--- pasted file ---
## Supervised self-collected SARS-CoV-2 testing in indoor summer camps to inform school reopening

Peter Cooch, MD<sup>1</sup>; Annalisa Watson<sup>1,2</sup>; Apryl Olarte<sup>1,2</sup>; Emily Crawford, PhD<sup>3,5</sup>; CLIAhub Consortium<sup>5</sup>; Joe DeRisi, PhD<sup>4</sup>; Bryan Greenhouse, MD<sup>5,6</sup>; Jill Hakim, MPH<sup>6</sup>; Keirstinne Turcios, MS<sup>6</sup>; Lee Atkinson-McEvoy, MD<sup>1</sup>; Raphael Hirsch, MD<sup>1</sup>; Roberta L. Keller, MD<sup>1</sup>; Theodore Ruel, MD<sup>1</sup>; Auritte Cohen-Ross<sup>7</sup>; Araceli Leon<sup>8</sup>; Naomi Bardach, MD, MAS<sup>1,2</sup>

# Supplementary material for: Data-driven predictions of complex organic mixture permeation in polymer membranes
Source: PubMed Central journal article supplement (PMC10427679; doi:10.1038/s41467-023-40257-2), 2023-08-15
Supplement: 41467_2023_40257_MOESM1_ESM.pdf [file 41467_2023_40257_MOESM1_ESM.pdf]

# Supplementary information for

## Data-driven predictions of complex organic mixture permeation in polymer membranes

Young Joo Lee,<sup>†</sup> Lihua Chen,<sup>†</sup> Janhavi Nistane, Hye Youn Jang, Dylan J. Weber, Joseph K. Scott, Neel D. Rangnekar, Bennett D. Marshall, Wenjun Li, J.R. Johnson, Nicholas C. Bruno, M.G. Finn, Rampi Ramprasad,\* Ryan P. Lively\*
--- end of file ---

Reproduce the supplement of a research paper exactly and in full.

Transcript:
## Supervised self-collected SARS-CoV-2 testing in indoor summer camps to inform school reopening

Peter Cooch, MD<sup>1</sup>; Annalisa Watson<sup>1,2</sup>; Apryl Olarte<sup>1,2</sup>; Emily Crawford, PhD<sup>3,5</sup>; CLIAhub Consortium<sup>5</sup>; Joe DeRisi, PhD<sup>4</sup>; Bryan Greenhouse, MD<sup>5,6</sup>; Jill Hakim, MPH<sup>6</sup>; Keirstinne Turcios, MS<sup>6</sup>; Lee Atkinson-McEvoy, MD<sup>1</sup>; Raphael Hirsch, MD<sup>1</sup>; Roberta L. Keller, MD<sup>1</sup>; Theodore Ruel, MD<sup>1</sup>; Auritte Cohen-Ross<sup>7</sup>; Araceli Leon<sup>8</sup>; Naomi Bardach, MD, MAS<sup>1,2</sup>

# Supplementary material for: Data-driven predictions of complex organic mixture permeation in polymer membranes
Source: PubMed Central journal article supplement (PMC10427679; doi:10.1038/s41467-023-40257-2), 2023-08-15
Supplement: 41467_2023_40257_MOESM1_ESM.pdf [file 41467_2023_40257_MOESM1_ESM.pdf]

# Supplementary information for

## Data-driven predictions of complex organic mixture permeation in polymer membranes

Young Joo Lee,<sup>†</sup> Lihua Chen,<sup>†</sup> Janhavi Nistane, Hye Youn Jang, Dylan J. Weber, Joseph K. Scott, Neel D. Rangnekar, Bennett D. Marshall, Wenjun Li, J.R. Johnson, Nicholas C. Bruno, M.G. Finn, Rampi Ramprasad,\* Ryan P. Lively\*